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FCC Seeks More Input on Closed Captioning

WASHINGTON—Closed-captioning rules are still being sorted. The Federal Communications Commission has issued a Second Further Notice of Proposed Rulemaking on the first one issued in February seeking feedback on contact information and availability.

Specifically, the commission asks if it should require TV providers to file contact information and captioning compliance certification with the commission or if some other platform would make it more available to the public, and whether doing either of those things would represent a course change and if it’s justified.

The question of how to handle contact information goes to who is responsible for the captions—the content creator or the distributor. Under proposed rules, both would share responsibility and have to coordinate on resolving consumer complaints. Currently proposed rules also allow the distributor—TV station, cable operator, satellite TV provider—to rely on compliance certification provided by the program supplier. The commission is asking if that should not be allowed.

The commission’s closed captioning docket—05-231—goes back nine years. The passed rules in February include multiple orders, ruling and proposals that extend closed captioning to the Internet and attempt to improve the overall quality of closed captions. Accordingly, as of Jan. 15, 2015, captions must be:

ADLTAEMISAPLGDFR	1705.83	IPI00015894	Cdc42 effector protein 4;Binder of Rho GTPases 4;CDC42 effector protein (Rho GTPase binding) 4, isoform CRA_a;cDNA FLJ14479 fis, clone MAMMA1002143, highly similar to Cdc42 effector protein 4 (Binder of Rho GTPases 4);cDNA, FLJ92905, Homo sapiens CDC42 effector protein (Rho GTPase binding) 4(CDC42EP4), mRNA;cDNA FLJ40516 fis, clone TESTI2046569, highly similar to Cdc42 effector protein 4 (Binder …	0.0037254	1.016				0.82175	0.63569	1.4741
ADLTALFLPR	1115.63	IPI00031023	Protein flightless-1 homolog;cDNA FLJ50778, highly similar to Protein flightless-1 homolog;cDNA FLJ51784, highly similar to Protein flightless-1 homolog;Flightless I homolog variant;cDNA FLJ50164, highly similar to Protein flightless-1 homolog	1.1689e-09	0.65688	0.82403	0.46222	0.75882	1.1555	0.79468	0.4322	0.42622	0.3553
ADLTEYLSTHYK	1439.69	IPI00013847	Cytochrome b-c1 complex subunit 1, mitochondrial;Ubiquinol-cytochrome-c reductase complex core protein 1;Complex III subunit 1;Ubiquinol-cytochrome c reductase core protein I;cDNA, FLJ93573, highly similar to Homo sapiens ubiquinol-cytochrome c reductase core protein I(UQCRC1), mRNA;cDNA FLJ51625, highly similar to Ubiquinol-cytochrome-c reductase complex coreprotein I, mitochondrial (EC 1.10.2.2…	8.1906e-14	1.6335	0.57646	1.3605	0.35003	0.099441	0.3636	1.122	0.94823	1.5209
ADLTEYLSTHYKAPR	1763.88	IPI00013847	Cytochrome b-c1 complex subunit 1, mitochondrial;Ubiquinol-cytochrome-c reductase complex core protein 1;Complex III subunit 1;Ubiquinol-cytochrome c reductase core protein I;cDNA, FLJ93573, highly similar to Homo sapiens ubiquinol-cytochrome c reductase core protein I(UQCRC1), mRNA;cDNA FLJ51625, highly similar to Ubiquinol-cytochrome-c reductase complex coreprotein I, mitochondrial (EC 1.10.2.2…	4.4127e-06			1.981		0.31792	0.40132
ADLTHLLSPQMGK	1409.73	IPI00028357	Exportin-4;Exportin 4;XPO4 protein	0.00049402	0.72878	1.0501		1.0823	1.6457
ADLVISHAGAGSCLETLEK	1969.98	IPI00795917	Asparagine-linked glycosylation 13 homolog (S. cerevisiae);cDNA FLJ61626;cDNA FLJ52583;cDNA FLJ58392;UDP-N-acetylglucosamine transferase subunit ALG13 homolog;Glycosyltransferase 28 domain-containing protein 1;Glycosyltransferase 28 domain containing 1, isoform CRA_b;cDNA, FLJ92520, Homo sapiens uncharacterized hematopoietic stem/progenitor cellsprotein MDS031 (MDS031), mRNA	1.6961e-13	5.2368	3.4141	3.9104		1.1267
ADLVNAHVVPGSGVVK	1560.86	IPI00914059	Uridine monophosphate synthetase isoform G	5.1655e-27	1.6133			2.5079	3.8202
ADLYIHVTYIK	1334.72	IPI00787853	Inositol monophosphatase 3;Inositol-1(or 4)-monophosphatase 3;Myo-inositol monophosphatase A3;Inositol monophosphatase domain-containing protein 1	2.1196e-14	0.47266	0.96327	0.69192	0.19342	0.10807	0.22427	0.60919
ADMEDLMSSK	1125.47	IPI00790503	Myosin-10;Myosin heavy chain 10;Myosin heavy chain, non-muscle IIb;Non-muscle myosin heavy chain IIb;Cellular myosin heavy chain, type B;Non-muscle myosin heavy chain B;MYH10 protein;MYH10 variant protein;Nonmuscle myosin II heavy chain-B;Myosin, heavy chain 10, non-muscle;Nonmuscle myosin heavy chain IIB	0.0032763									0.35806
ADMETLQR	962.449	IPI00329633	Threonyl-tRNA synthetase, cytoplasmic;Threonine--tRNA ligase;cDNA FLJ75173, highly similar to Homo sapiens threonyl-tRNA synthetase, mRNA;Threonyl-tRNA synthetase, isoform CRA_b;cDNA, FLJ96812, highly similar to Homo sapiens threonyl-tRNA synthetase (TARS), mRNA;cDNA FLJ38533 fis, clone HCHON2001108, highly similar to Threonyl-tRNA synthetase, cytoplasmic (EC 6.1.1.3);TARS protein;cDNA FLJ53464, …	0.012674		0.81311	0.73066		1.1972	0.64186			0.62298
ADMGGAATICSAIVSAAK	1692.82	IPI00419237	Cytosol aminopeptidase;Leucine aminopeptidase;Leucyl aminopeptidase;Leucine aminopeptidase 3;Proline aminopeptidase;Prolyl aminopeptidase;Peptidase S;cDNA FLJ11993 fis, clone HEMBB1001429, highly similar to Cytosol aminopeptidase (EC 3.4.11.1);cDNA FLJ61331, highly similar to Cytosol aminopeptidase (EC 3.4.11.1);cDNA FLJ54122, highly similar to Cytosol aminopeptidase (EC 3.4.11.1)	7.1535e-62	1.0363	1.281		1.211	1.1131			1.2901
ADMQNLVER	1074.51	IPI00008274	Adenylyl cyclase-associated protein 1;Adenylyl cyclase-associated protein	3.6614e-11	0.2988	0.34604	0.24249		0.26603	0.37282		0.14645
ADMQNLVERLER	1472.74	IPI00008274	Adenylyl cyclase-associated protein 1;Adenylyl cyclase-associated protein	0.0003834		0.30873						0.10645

— Accurate: Captions must match the spoken words in the dialogue and convey background noises and other sounds to the fullest extent possible.
— Synchronous: Captions must coincide with their corresponding spoken words and sounds to the greatest extent possible and must be displayed on the screen at a speed that can be read by viewers.
— Complete: Captions must run from the beginning to the end of the program to the fullest extent possible.
— Properly placed: Captions should not block other important visual content on the screen, overlap one another, run off the edge of the video screen, or be blocked by other information.

Further deadlines include Jan. 1, 2016, for captioning video clips lifted straight from a program and posted online; Jan. 1, 2017 for clips presented as montages and July 1, 2017 for live or near-live clips such as sports or news.

August 5, 2016—
FCC Pushes Caption Deadlines
Three new deadlines looming on the horizon are pushing the professional video industry to catch up on one of the quietest technologies in our midst: closed captioning.